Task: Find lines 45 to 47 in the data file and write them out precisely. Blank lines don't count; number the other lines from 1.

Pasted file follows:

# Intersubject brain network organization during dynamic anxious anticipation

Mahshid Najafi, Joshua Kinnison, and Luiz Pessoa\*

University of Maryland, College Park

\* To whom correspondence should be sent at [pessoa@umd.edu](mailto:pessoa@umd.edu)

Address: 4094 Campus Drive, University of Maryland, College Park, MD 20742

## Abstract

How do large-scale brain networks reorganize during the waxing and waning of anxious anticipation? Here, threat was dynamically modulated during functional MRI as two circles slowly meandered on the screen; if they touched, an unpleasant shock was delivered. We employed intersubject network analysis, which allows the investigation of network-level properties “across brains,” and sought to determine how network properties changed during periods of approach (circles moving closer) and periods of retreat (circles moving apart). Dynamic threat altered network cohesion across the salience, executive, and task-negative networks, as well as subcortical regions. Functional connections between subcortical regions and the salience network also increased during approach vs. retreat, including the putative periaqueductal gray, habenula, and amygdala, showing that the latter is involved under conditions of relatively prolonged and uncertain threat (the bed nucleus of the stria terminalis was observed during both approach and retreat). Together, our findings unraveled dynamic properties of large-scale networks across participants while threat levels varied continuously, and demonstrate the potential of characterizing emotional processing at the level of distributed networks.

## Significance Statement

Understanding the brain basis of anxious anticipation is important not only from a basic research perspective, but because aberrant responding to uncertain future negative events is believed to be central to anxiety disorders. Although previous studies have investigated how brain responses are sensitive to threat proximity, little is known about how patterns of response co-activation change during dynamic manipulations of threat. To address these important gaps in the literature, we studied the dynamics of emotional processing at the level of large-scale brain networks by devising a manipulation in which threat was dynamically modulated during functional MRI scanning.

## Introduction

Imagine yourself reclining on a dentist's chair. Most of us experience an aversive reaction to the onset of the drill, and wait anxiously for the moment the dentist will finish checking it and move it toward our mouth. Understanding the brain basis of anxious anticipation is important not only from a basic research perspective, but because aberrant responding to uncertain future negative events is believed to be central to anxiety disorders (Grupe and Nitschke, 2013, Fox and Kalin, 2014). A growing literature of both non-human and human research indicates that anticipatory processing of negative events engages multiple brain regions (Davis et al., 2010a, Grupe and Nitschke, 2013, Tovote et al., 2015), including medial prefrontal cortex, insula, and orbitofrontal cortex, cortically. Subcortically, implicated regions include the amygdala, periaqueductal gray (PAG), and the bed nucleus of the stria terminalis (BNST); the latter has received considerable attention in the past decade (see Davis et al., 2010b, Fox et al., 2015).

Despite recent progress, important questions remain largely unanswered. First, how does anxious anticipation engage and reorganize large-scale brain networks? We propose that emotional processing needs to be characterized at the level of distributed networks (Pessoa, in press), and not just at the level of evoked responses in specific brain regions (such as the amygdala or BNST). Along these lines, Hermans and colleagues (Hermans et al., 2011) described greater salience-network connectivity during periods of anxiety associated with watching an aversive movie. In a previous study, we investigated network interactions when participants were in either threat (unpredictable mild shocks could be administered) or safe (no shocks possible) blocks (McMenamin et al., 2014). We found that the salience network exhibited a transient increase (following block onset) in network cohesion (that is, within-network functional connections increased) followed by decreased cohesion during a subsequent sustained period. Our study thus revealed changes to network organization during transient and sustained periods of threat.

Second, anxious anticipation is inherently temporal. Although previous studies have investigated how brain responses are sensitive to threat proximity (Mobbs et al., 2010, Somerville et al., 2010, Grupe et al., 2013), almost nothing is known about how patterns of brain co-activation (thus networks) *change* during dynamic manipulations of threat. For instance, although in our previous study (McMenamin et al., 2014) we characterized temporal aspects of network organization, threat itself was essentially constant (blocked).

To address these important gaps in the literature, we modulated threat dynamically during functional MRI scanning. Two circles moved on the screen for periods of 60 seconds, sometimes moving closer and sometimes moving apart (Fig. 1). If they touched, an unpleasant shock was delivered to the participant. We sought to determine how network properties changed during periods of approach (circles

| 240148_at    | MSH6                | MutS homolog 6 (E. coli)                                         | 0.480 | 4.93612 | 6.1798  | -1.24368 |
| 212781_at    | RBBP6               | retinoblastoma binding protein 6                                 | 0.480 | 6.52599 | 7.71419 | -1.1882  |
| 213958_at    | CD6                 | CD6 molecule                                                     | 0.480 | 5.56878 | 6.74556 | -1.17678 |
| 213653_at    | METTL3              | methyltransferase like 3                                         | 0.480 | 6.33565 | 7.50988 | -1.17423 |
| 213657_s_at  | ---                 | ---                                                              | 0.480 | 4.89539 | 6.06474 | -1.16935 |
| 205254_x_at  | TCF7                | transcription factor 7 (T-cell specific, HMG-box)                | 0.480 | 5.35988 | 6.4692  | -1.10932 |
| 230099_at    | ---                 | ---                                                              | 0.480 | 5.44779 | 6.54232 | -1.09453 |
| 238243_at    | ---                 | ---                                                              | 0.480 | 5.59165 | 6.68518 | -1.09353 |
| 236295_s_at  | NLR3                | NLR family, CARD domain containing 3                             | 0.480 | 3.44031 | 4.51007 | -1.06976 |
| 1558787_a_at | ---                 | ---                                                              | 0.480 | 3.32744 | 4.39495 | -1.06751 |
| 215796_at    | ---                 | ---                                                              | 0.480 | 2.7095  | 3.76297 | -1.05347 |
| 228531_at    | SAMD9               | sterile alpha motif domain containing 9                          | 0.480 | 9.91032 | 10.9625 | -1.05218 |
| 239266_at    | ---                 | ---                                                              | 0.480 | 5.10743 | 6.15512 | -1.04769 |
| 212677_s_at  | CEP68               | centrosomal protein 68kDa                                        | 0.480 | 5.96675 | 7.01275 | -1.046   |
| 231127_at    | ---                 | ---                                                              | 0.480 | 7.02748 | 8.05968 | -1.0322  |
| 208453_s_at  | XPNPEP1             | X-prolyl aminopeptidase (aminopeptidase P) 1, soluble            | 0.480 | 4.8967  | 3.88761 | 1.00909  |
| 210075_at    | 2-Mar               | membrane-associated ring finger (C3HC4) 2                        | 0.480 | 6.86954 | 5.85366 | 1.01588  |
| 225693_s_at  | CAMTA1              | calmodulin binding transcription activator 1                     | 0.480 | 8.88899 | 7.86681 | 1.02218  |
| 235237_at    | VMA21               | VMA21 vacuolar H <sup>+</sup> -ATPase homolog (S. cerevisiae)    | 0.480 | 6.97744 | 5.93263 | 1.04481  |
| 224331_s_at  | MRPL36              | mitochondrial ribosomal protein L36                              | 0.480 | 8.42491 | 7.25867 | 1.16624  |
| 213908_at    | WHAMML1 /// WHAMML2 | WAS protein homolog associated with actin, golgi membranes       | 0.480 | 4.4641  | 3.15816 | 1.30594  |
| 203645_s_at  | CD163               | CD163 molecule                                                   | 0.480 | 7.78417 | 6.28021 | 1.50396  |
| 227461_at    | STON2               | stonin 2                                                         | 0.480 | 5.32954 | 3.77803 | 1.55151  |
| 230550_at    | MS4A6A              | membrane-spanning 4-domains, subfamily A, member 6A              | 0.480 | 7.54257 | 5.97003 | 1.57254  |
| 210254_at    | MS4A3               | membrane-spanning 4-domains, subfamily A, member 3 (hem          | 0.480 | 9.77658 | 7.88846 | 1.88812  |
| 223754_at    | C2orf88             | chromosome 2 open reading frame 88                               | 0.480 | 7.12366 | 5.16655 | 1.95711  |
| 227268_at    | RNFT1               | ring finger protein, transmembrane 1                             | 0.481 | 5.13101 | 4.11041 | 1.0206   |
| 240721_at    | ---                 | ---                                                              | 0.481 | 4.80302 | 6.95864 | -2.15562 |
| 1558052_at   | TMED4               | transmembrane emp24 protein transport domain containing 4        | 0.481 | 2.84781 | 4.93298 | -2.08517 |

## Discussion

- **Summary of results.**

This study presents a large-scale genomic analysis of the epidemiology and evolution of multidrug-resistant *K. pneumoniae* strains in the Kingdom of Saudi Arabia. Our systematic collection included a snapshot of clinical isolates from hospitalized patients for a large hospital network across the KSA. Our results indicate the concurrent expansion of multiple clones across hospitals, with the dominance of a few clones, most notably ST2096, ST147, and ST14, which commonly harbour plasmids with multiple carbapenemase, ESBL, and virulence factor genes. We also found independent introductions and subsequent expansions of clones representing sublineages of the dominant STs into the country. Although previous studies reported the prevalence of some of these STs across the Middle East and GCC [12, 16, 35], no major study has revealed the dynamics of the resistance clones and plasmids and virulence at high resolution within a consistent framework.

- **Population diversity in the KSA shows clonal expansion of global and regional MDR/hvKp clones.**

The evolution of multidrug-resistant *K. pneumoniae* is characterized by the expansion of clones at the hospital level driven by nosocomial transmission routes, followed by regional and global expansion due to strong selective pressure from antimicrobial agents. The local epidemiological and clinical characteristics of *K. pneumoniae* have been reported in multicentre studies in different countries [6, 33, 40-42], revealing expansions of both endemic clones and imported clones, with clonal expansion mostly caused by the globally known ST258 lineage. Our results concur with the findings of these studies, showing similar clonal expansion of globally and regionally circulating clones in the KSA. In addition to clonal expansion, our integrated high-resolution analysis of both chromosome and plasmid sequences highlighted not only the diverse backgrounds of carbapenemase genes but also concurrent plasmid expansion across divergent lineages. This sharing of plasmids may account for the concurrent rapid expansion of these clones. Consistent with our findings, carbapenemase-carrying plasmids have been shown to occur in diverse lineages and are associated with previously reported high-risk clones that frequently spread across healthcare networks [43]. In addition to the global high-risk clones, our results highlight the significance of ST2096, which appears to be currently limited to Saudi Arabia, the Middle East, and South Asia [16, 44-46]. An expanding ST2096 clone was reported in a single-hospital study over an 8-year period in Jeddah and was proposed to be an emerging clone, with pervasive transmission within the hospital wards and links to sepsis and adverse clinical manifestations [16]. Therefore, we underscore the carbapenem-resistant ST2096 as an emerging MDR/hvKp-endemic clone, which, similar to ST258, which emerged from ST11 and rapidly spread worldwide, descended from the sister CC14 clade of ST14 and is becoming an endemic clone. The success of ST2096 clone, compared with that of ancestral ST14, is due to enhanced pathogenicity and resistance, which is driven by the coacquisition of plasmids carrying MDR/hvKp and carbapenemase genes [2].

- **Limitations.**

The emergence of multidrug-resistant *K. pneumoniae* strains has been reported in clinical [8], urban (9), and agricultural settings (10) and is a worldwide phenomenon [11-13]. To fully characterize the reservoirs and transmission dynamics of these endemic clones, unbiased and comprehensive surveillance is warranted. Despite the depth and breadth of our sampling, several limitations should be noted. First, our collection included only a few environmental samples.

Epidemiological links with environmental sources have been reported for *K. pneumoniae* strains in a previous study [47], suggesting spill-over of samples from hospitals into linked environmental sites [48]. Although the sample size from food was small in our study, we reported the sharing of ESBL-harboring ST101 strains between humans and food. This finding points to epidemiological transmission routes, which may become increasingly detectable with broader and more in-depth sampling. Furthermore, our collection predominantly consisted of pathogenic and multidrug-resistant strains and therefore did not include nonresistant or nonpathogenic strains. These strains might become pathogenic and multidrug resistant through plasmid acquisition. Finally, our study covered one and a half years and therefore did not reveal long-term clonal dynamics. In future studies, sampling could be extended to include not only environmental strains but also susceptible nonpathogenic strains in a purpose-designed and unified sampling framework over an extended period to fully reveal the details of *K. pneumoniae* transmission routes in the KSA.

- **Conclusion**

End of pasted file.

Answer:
- **Summary of results.**

This study presents a large-scale genomic analysis of the epidemiology and evolution of multidrug-resistant *K. pneumoniae* strains in the Kingdom of Saudi Arabia. Our systematic collection included a snapshot of clinical isolates from hospitalized patients for a large hospital network across the KSA. Our results indicate the concurrent expansion of multiple clones across hospitals, with the dominance of a few clones, most notably ST2096, ST147, and ST14, which commonly harbour plasmids with multiple carbapenemase, ESBL, and virulence factor genes. We also found independent introductions and subsequent expansions of clones representing sublineages of the dominant STs into the country. Although previous studies reported the prevalence of some of these STs across the Middle East and GCC [12, 16, 35], no major study has revealed the dynamics of the resistance clones and plasmids and virulence at high resolution within a consistent framework.

- **Population diversity in the KSA shows clonal expansion of global and regional MDR/hvKp clones.**